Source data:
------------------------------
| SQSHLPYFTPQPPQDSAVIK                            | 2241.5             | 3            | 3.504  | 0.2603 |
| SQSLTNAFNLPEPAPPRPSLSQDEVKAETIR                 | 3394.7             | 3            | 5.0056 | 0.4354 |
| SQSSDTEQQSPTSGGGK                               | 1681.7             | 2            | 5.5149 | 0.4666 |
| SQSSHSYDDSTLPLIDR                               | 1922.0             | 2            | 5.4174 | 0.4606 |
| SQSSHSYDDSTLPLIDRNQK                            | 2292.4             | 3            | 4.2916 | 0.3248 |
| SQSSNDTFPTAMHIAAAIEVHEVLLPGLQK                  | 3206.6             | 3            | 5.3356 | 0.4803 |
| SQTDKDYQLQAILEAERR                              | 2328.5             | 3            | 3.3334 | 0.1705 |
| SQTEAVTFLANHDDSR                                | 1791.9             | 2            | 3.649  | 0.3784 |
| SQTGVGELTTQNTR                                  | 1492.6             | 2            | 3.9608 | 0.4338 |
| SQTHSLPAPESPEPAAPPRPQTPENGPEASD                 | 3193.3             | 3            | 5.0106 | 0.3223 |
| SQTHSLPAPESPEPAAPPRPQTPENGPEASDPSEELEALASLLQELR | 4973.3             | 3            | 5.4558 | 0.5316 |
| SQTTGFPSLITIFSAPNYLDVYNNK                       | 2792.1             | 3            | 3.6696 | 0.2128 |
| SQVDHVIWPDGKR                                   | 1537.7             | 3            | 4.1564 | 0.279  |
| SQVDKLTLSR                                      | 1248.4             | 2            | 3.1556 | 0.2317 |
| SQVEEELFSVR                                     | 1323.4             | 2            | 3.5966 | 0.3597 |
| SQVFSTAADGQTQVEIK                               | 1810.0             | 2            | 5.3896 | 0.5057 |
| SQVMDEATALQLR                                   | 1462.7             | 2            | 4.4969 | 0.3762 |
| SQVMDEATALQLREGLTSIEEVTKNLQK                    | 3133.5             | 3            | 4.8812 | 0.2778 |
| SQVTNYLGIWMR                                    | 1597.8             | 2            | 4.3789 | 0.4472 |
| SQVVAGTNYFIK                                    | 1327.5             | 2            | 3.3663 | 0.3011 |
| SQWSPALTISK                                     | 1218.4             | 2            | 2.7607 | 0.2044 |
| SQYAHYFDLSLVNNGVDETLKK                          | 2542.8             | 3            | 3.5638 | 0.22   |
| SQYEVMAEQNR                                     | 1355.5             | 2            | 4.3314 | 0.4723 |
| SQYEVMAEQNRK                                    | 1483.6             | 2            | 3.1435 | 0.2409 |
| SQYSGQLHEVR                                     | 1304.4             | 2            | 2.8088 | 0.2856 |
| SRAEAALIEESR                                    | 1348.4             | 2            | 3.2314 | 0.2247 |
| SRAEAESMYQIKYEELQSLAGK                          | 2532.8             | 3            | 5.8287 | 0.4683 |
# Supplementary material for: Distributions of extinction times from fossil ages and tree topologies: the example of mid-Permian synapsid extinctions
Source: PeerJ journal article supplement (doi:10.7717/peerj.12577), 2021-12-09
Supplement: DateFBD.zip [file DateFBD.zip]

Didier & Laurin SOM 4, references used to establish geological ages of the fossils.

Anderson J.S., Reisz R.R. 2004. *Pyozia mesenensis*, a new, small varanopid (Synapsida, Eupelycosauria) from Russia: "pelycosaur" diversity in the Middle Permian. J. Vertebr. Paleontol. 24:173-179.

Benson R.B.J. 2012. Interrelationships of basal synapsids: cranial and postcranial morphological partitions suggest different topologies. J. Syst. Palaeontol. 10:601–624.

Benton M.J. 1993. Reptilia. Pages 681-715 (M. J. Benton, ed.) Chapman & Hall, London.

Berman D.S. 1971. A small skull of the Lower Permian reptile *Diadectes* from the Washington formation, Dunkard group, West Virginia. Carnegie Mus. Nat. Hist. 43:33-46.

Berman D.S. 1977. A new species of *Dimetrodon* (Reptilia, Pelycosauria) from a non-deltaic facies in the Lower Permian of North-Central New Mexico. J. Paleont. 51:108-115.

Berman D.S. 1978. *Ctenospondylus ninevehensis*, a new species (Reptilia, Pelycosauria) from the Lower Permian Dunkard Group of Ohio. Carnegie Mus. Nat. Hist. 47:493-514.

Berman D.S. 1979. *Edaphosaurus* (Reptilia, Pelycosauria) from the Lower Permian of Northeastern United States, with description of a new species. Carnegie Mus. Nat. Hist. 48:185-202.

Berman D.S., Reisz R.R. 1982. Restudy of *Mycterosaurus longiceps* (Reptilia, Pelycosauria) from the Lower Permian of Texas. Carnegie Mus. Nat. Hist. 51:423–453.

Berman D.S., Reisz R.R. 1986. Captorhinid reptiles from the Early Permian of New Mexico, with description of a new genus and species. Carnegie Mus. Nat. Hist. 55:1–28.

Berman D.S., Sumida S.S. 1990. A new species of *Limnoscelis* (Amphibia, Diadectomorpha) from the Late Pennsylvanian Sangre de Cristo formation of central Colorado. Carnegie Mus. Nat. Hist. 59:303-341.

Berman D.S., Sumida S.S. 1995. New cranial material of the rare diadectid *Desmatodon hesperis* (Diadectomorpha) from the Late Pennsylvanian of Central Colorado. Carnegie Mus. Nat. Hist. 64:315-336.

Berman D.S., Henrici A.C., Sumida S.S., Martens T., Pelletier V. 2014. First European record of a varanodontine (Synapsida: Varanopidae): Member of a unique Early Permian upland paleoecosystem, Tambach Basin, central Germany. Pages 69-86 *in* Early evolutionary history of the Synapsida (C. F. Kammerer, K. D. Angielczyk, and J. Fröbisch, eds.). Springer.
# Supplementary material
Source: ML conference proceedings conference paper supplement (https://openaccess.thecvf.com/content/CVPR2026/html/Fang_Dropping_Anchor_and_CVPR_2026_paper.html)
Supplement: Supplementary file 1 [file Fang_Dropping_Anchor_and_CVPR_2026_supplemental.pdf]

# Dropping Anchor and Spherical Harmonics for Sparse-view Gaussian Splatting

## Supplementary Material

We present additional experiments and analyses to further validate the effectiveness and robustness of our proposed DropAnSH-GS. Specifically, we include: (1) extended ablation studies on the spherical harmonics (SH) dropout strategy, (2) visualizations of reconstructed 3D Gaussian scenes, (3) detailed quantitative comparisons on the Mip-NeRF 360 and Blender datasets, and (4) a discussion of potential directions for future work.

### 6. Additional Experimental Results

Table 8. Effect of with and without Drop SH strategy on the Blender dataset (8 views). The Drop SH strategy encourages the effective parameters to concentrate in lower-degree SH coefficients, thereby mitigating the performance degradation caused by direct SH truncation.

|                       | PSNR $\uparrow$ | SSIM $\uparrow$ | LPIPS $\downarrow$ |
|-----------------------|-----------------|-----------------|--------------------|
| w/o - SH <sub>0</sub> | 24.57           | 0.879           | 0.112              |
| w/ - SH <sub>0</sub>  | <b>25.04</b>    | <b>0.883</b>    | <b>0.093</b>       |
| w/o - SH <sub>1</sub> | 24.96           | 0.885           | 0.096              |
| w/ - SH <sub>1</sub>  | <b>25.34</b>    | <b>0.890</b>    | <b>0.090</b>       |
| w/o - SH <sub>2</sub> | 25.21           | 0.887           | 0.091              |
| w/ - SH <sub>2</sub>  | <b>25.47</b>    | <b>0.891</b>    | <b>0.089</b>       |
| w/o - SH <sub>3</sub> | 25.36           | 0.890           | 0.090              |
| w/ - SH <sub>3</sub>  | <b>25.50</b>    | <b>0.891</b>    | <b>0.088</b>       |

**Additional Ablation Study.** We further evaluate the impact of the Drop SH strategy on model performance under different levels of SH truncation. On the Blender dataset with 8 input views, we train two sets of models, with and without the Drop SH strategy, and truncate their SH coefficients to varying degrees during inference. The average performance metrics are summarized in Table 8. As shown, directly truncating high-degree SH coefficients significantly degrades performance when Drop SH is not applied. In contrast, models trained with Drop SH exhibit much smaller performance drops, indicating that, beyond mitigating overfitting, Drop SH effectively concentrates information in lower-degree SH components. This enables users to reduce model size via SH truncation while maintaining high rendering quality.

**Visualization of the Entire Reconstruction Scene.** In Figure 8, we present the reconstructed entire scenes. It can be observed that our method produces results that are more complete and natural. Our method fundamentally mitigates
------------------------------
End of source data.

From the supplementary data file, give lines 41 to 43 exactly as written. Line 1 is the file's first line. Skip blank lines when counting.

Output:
Berman D.S., Sumida S.S. 1990. A new species of *Limnoscelis* (Amphibia, Diadectomorpha) from the Late Pennsylvanian Sangre de Cristo formation of central Colorado. Carnegie Mus. Nat. Hist. 59:303-341.

Berman D.S., Sumida S.S. 1995. New cranial material of the rare diadectid *Desmatodon hesperis* (Diadectomorpha) from the Late Pennsylvanian of Central Colorado. Carnegie Mus. Nat. Hist. 64:315-336.

Berman D.S., Henrici A.C., Sumida S.S., Martens T., Pelletier V. 2014. First European record of a varanodontine (Synapsida: Varanopidae): Member of a unique Early Permian upland paleoecosystem, Tambach Basin, central Germany. Pages 69-86 *in* Early evolutionary history of the Synapsida (C. F. Kammerer, K. D. Angielczyk, and J. Fröbisch, eds.). Springer.